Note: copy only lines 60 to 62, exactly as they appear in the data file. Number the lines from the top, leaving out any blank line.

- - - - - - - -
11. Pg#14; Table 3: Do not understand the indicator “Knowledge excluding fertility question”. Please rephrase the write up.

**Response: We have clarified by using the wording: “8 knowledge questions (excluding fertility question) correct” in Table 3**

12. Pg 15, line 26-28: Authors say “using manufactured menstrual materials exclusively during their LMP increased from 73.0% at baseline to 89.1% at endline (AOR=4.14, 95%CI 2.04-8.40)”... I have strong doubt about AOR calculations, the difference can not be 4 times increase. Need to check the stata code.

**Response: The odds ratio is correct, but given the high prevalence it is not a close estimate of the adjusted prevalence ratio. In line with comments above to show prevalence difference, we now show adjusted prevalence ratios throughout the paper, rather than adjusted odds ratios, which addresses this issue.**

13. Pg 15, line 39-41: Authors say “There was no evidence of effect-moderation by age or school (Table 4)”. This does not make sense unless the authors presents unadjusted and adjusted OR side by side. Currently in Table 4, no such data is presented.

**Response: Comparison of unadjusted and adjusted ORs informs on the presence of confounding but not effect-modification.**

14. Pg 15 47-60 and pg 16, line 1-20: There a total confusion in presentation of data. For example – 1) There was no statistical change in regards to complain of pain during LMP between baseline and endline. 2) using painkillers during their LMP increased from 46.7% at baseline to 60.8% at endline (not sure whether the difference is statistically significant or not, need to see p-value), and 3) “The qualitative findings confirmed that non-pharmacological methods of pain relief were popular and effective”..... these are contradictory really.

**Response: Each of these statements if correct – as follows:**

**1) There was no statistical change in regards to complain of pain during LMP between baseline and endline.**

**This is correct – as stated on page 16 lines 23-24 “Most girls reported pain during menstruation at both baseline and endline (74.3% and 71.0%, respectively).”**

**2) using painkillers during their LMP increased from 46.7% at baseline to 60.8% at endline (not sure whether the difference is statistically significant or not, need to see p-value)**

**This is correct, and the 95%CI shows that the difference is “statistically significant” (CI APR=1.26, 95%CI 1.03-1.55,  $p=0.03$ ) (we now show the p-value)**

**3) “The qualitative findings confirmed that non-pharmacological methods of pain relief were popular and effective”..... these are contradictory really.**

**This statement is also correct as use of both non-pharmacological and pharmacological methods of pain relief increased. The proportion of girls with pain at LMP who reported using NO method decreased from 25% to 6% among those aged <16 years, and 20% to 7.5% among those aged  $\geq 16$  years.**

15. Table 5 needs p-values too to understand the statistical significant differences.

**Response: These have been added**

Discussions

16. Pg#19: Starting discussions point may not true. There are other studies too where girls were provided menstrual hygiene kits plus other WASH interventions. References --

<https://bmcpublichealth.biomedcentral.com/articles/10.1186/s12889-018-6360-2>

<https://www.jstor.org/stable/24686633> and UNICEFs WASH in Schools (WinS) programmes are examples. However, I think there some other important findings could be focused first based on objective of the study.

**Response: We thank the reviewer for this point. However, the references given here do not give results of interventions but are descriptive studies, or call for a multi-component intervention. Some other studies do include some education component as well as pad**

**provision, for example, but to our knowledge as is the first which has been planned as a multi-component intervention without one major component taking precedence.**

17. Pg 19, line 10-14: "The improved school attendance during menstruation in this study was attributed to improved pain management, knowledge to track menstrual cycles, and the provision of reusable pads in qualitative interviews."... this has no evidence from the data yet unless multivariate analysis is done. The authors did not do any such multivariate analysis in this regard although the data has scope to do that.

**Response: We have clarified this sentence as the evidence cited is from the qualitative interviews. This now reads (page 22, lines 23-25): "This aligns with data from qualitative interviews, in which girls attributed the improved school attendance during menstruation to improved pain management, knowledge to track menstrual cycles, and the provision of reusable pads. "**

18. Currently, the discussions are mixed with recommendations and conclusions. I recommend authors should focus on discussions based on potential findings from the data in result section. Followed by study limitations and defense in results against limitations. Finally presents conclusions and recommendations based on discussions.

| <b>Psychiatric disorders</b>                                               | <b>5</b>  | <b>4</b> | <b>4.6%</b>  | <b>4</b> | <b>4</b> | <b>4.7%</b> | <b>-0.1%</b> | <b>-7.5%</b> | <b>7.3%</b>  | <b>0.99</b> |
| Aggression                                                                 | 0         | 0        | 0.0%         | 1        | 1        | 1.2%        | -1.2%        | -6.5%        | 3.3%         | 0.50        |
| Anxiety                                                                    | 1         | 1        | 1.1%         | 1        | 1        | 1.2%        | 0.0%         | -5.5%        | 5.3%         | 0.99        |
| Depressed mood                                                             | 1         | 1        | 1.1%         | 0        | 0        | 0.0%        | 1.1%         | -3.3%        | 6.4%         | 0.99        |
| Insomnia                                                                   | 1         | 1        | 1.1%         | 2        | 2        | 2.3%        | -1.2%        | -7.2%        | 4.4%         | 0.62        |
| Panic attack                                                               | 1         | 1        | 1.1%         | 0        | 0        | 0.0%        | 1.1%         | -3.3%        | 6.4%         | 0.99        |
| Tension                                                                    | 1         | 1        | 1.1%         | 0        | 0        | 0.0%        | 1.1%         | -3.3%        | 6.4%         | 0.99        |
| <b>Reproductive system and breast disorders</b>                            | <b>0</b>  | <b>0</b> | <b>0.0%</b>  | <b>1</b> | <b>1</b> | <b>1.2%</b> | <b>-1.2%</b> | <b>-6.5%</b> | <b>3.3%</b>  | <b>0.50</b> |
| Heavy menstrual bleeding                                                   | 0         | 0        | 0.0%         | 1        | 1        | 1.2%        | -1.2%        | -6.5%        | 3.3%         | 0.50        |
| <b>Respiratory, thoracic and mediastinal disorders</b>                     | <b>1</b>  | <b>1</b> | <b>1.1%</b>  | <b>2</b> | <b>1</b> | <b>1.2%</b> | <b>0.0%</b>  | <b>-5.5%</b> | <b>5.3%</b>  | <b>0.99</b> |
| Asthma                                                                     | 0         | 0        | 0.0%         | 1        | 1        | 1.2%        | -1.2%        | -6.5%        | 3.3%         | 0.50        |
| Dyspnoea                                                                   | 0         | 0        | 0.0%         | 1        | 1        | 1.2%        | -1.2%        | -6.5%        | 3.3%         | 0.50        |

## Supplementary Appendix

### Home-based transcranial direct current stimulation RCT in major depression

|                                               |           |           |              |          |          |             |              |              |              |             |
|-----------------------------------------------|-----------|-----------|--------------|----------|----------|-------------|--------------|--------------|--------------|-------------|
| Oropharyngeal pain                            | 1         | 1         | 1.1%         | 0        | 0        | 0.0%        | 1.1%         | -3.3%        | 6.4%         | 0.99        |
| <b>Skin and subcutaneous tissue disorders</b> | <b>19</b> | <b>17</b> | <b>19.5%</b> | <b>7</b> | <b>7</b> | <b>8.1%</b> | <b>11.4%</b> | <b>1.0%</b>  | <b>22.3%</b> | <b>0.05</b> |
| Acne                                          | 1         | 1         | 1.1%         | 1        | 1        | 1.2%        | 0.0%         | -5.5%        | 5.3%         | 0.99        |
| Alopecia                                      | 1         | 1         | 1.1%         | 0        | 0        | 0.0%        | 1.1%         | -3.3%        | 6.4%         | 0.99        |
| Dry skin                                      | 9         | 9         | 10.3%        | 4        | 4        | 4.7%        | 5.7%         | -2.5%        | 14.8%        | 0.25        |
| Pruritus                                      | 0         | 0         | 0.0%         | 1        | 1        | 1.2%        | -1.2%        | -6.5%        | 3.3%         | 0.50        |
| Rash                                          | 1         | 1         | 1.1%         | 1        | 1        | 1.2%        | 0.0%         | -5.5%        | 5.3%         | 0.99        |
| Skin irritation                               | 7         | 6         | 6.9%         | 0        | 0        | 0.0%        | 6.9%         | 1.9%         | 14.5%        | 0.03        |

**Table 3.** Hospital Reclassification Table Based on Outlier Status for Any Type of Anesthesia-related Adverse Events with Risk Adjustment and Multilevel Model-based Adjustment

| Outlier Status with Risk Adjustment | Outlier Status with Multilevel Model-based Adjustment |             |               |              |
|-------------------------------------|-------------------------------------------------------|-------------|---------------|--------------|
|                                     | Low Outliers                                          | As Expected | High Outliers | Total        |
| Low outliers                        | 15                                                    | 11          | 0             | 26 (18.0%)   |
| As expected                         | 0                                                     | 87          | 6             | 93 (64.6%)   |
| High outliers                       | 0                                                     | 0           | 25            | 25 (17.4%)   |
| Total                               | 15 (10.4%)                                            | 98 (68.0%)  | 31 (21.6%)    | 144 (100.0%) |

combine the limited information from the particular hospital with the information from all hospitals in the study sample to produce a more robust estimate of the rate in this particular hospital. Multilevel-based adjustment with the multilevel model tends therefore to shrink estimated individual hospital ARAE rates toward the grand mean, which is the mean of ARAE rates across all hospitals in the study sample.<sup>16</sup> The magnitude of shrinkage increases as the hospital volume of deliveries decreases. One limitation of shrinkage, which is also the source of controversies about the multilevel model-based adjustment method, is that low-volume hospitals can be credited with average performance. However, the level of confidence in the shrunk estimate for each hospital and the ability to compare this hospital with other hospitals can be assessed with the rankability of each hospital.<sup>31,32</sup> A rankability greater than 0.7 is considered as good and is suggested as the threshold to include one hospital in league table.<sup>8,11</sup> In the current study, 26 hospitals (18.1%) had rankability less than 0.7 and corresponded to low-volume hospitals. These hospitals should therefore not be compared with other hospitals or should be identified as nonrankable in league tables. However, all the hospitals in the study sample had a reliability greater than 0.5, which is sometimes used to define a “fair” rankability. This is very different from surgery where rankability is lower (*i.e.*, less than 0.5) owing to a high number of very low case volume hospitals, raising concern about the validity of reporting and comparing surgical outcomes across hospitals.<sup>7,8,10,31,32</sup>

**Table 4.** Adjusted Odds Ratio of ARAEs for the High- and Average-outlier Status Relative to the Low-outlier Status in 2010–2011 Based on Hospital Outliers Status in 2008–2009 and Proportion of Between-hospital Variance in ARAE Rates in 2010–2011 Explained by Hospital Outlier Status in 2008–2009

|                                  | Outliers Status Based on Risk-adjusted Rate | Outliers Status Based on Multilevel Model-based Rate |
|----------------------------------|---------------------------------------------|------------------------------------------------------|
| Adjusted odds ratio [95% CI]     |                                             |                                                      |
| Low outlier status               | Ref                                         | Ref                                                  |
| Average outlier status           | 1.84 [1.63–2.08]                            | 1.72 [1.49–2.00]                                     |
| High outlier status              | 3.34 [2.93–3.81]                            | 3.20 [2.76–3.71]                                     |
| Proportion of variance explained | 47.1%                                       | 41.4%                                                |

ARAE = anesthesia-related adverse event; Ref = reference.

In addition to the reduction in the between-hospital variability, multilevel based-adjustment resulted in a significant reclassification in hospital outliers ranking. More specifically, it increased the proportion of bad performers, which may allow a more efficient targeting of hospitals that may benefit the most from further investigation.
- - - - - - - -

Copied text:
|                                  | Outliers Status Based on Risk-adjusted Rate | Outliers Status Based on Multilevel Model-based Rate |
|----------------------------------|---------------------------------------------|------------------------------------------------------|
| Adjusted odds ratio [95% CI]     |                                             |                                                      |